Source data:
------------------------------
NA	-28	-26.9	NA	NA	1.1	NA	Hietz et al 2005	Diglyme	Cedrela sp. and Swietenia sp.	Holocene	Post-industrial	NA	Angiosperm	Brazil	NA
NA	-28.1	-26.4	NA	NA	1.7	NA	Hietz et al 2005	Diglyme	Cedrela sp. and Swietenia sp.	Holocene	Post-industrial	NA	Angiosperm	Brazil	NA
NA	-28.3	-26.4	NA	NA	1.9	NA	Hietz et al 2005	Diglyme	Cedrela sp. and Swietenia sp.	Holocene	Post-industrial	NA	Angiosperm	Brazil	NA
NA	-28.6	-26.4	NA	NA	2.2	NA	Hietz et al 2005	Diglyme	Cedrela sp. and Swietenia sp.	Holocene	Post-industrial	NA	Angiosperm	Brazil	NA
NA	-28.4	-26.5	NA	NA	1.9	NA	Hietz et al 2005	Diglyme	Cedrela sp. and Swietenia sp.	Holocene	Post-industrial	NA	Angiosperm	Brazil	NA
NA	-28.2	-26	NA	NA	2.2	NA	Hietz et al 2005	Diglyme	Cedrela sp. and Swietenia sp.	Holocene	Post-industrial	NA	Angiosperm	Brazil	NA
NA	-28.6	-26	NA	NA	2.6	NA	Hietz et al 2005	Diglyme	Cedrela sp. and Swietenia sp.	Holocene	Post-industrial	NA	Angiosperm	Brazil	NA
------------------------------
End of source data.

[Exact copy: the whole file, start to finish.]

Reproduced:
NA	-28	-26.9	NA	NA	1.1	NA	Hietz et al 2005	Diglyme	Cedrela sp. and Swietenia sp.	Holocene	Post-industrial	NA	Angiosperm	Brazil	NA
NA	-28.1	-26.4	NA	NA	1.7	NA	Hietz et al 2005	Diglyme	Cedrela sp. and Swietenia sp.	Holocene	Post-industrial	NA	Angiosperm	Brazil	NA
NA	-28.3	-26.4	NA	NA	1.9	NA	Hietz et al 2005	Diglyme	Cedrela sp. and Swietenia sp.	Holocene	Post-industrial	NA	Angiosperm	Brazil	NA
NA	-28.6	-26.4	NA	NA	2.2	NA	Hietz et al 2005	Diglyme	Cedrela sp. and Swietenia sp.	Holocene	Post-industrial	NA	Angiosperm	Brazil	NA
NA	-28.4	-26.5	NA	NA	1.9	NA	Hietz et al 2005	Diglyme	Cedrela sp. and Swietenia sp.	Holocene	Post-industrial	NA	Angiosperm	Brazil	NA
NA	-28.2	-26	NA	NA	2.2	NA	Hietz et al 2005	Diglyme	Cedrela sp. and Swietenia sp.	Holocene	Post-industrial	NA	Angiosperm	Brazil	NA
NA	-28.6	-26	NA	NA	2.6	NA	Hietz et al 2005	Diglyme	Cedrela sp. and Swietenia sp.	Holocene	Post-industrial	NA	Angiosperm	Brazil	NA